Blimey! Many of those English across the pond were likely saying that after perhaps witnessing that weird American sport called baseball for the first time. The New York Yankees and the Boston Red Sox just completed a two-game series in London—although even experts of the game would have a hard time explaining what happened.
New York won both games, but a total of 50 runs were scored by both teams combined in the series. The Yankees took Saturday's game 17-13, then followed the next day with a score of 12-8. It seemed like every batted ball found the outfield, rolled to the wall, or flew over it.
Saturday's first inning took an hour. The Yankees batted first, scored six runs, and knocked starting pitcher Rick Porcello around. He left after getting only one out. In the bottom of the inning, Yankees pitcher Masahiro Tanaka was able to get two outs, but he also gave up six runs, and the game was tied 6-6. Neither side would score in the second inning, New York would add two, six, and three runs in the next three frames for a 17-6 lead, but would hang on after Boston scored a run in the six inning and six in the seventh. When the smoke cleared, there were 30 runs and 37 hits. Imagine being at the game sitting with a British friend or relative. All you could say is “I swear it's not always like this.”
Let's also image you went back the next day. The Red Sox hit three home runs in the first inning for the first time in franchise history. The Yankees countered with two runs in the second, but the Red Sox were able to make that respectable 4-2 lead hold up until the seventh. The Yankees scored nine times. They added a single run in the eighth to go up 12-4, but in the bottom of the inning, Boston scored four times. They even got the tying run to the plate in the ninth, but the Yankees held on. The final score was 12-8, with a total of 20 runs, 28 hits, and four errors. Let's just say, quoting Ricky Ricardo, there was a lot of 'splaining to do.
Instead of explanations, though, there's been a lot of head scratching. London Stadium was the site—a soccer stadium that was built for the 2012 Olympics. The re-configured field was only 385 feet from home plate to center field, but the other dimensions were similar to American ball parks. There was more foul territory than any American stadium, which should be more conducive to outs rather than runs. It was very hot in London, especially on Saturday. It was 92 degrees for the 6pm local start, but that didn't seem to be the reason for all the runs, either. London is at sea level, so you can't blame altitude like they do in Denver. So? What happened?
The pitching was horrible. Both teams, though, had two days off before playing the games. It seems like the Commissioner's office thought of everything. During Sunday's game, a working theory about what happened Saturday had something to do with either the air, or the stadium. Breaking balls didn't seem to break, or something like that.
Still, the baseball-uninitiated got to see plenty. There were no balks, but there were errors, infield flies, and double plays. The crowds were told before the games that if a foul ball came into the stands, they could keep it. That was a new concept to those who watch cricket matches, and there were plenty of shots of delighted fans examining their souvenirs thoroughly with smiles on their faces. Both games sold out, with crowds just under 60-thousand for each game. American parks aren't that big anymore, so it was the largest attendance for a game in a long time. Baseball will be back there next year with a scheduled series between the St. Louis Cardinals and the Chicago Cubs. If they want to keep those rivalries going, how about the Dodgers and Giants for 2021?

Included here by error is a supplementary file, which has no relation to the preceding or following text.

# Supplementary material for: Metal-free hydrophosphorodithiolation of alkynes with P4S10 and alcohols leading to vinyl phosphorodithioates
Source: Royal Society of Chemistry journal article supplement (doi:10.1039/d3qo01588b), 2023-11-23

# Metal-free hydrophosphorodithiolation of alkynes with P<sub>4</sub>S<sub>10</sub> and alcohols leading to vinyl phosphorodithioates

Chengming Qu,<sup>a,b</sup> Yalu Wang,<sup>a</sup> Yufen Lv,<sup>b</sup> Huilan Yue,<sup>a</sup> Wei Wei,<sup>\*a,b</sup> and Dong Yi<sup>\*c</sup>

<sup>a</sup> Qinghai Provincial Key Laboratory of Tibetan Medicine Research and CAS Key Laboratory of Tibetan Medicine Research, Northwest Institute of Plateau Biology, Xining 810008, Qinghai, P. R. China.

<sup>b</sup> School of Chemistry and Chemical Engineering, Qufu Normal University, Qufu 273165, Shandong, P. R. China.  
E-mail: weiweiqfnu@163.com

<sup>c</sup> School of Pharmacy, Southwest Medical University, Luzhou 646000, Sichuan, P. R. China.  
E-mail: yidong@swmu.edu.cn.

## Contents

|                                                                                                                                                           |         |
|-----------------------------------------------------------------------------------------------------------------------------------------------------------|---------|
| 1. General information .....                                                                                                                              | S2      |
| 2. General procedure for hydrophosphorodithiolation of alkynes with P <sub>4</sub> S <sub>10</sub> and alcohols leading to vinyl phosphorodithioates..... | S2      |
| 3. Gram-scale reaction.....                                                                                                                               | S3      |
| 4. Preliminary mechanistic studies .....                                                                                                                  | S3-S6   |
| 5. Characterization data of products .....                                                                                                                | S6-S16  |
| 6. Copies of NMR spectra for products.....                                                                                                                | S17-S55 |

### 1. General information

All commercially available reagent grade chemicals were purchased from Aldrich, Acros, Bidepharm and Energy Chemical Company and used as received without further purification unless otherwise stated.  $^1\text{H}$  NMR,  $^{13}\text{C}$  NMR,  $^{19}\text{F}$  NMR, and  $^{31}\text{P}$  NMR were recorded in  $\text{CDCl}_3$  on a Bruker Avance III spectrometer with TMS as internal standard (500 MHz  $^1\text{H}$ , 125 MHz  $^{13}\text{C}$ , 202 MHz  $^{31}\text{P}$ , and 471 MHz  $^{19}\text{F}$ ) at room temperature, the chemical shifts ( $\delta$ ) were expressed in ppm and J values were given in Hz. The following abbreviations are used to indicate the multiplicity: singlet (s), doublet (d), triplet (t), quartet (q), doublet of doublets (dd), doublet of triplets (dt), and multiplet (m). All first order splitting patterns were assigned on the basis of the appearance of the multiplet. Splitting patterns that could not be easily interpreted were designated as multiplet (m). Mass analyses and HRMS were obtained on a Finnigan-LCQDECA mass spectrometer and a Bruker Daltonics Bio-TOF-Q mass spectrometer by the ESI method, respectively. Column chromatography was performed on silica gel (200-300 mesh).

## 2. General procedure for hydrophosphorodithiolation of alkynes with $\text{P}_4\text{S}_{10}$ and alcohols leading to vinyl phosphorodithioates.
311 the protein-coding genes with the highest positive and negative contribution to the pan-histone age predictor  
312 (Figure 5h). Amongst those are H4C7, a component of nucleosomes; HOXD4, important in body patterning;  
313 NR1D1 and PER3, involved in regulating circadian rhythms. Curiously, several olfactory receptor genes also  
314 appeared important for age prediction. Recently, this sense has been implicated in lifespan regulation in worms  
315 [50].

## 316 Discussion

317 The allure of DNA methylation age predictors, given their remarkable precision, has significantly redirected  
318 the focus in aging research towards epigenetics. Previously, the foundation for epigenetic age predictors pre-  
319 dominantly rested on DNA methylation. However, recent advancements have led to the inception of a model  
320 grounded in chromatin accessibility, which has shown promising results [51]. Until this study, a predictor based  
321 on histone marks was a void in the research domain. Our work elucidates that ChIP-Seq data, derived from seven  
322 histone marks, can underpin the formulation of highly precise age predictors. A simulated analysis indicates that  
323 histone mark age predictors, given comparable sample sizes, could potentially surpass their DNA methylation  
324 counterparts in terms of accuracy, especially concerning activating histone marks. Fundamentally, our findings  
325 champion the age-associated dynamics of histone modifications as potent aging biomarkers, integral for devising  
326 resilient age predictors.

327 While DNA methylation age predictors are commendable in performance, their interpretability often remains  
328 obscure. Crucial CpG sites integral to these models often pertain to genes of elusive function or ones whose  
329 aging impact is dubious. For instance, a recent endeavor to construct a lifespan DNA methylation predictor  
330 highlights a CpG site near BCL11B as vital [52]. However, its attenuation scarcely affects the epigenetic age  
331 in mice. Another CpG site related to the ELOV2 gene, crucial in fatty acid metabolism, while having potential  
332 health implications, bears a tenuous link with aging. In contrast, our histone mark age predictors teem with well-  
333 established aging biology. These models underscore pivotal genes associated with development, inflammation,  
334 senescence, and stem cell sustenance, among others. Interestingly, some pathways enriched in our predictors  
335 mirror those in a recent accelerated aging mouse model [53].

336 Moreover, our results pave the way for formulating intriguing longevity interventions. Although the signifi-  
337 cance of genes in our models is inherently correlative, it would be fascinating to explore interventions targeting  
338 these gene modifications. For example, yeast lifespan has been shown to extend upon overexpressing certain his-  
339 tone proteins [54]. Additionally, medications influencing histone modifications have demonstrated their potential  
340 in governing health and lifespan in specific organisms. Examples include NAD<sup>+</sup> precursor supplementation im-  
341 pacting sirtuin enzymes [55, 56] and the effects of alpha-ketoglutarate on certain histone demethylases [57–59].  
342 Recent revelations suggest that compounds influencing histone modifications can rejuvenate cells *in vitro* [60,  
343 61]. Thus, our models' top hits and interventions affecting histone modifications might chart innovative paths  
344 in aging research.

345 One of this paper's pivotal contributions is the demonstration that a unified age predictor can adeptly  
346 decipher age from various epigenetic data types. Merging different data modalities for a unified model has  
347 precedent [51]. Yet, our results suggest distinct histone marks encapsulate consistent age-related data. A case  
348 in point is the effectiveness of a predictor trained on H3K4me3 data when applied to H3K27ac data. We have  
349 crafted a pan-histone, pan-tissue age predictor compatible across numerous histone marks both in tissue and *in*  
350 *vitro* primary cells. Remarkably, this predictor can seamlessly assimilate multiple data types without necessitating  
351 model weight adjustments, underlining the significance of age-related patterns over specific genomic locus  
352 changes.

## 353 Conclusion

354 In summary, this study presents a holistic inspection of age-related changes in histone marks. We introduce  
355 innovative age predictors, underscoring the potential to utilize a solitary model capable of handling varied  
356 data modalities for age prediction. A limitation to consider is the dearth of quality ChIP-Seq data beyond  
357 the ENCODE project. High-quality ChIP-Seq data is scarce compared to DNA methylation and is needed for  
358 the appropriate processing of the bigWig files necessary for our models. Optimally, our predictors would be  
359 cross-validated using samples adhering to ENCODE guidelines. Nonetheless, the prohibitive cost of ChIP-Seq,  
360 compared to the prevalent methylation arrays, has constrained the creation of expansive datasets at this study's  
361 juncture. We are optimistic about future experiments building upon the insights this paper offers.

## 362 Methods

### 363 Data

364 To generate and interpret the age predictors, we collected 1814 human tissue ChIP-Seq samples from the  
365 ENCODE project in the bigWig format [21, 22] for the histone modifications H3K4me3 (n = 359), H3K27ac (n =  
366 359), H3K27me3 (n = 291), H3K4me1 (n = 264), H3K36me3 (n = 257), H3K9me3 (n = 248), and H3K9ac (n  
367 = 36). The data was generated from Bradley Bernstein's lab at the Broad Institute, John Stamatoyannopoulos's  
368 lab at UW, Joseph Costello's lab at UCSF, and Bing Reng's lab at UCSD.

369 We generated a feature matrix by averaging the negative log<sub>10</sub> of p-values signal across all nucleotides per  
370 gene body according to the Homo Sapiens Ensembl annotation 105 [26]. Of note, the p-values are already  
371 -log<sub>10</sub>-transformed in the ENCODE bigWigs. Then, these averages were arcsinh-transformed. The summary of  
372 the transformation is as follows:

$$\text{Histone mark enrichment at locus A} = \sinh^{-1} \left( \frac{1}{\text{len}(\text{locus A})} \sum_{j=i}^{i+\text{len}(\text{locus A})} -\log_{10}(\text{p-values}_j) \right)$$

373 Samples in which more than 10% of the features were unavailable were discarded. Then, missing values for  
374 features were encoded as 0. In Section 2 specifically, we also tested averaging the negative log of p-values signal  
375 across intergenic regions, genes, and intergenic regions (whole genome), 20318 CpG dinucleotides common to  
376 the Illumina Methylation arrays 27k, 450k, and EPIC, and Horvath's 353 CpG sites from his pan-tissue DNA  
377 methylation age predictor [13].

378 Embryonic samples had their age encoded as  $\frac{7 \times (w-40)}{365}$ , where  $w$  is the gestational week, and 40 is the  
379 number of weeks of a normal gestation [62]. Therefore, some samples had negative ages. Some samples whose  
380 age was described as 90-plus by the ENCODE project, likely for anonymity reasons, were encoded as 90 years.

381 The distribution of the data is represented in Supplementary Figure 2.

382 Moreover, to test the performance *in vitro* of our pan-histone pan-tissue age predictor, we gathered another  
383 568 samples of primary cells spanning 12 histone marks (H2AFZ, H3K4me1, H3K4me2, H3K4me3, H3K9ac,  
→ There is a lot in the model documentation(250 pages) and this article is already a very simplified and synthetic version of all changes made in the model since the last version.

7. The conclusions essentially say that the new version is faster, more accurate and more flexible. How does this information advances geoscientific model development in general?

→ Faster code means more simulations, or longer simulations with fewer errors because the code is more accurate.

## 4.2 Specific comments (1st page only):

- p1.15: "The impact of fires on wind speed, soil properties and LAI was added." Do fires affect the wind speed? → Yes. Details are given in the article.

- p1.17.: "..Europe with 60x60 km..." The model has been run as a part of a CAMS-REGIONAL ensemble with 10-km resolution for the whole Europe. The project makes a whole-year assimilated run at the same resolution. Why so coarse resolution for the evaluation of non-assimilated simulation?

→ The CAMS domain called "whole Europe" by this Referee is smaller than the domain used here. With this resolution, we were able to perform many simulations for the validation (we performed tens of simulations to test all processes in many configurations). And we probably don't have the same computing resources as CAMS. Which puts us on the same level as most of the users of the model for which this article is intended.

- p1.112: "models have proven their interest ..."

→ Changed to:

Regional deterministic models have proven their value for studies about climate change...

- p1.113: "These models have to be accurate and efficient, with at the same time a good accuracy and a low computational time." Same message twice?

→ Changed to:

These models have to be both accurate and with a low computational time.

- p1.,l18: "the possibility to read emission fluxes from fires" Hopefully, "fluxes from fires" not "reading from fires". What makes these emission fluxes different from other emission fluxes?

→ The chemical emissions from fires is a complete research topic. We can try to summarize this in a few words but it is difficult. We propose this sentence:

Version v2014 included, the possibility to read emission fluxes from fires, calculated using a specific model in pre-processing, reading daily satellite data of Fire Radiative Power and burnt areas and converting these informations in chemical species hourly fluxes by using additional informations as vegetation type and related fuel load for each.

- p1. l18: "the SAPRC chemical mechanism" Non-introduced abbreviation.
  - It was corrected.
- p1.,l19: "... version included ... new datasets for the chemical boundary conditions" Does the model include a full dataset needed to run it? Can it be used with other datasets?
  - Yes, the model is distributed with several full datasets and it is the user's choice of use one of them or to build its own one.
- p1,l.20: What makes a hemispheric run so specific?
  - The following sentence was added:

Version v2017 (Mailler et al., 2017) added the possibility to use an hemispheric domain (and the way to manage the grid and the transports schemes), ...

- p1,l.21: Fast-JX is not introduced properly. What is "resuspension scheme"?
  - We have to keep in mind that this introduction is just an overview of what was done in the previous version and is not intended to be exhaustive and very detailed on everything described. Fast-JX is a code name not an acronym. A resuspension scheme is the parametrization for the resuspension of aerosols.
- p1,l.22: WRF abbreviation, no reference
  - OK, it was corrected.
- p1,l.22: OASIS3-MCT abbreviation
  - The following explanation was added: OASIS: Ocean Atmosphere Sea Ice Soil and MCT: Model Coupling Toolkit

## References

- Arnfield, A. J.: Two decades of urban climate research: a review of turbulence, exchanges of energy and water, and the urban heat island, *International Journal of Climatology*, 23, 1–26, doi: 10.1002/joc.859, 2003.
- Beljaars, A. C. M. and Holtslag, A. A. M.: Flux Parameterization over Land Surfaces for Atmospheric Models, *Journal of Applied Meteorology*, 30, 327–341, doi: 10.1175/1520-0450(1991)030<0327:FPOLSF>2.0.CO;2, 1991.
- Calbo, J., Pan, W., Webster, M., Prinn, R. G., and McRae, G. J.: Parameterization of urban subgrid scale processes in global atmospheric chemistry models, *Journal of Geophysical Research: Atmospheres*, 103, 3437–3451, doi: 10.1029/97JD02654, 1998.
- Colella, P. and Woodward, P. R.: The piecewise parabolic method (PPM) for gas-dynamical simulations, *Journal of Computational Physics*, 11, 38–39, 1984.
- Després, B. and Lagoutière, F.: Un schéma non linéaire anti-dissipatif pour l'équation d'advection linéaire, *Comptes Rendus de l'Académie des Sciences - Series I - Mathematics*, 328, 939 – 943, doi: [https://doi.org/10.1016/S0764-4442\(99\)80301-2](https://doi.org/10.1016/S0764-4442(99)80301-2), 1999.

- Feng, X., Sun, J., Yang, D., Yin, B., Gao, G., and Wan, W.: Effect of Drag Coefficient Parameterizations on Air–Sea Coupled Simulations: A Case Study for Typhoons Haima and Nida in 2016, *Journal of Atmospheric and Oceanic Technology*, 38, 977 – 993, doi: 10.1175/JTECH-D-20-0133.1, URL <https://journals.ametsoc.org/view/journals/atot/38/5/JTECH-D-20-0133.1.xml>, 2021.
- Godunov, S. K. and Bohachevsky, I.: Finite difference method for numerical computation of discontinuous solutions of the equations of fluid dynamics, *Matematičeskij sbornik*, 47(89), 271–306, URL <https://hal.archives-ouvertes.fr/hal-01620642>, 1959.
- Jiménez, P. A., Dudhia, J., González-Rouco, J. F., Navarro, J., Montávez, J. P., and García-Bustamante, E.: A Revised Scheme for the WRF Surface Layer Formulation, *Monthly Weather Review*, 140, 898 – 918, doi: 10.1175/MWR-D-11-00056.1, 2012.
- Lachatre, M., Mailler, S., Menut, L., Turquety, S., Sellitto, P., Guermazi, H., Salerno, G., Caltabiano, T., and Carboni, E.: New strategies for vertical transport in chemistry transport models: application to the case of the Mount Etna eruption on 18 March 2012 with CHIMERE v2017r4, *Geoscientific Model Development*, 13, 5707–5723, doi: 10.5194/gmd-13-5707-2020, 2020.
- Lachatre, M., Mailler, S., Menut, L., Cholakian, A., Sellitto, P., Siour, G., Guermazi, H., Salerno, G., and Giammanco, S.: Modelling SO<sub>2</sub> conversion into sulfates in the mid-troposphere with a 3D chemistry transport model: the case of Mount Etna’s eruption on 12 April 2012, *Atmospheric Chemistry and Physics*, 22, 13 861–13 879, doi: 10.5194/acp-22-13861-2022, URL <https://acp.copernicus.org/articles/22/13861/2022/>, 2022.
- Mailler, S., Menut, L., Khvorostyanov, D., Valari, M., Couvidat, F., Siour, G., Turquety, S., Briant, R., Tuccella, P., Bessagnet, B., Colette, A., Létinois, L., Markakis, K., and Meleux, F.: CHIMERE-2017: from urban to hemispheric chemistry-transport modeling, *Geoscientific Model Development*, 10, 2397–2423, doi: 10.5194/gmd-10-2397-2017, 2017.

With 50 runs, 65 hits, and four errors, there was a lot to see and talk about. It may not have been the script that we anticipated, but many Brits had to be leaving the park saying, “good show”. Jolly good indeed.
Regular programming: Saturday's game, which was televised by Fox, took so long (4 hours, 42 minutes), coverage of golf was moved to FS1. Only, FS1 had a scheduled baseball game between the Washington Nationals and Detroit Tigers. That game was shuffled off to FS2—a network that few people, even sports fans, knows exists. ESPN had the Sunday game, which began at 7am Pacific Time (3pm in London), atime when when the focus is mostly on those morning news shows.
Getting political: Speaking of news shows, the Democratic debates were interesting, but with ten candidates in each field, it would have been nicer if those not-so-well-known candidates were asked more questions. We know what Bernie Sanders thinks, but Andrew Yang was not asked one question during the final hour of the second debate. The only time he spoke is when they went down the line with a short-answer question, or his 45-second closing statement. The news shows were panning Joe Biden for cutting a response short because his time was up. He should have gotten credit for following the rules while other candidates were yelling over each other.
A million dollars? No thanks: Baseball's Home Run Derby is a week from tonight in Cleveland, but getting participants is becoming difficult. MLB made the top prize a million dollars, but the Angels' Mike Trout still decided to skip the event. So did Cody Bellinger of the Dodgers, and he only makes about 700-thousand dollars a year. It's apparently not just too much work, but many think it messes up their swing going into the second half of the season.
Skaggs dead: When I left work today, nothing unusual had happened. When I got home ahout an hour later and turned on the TV, I learned that Angels pitcher Tyler Skaggs had died. He was found unresponsive in his hotel room in Texas. Skaggs was just 27. No foul play was suspected, but no other information has been made available. Tonight's game between the Angels and Texas Rangers was postponed.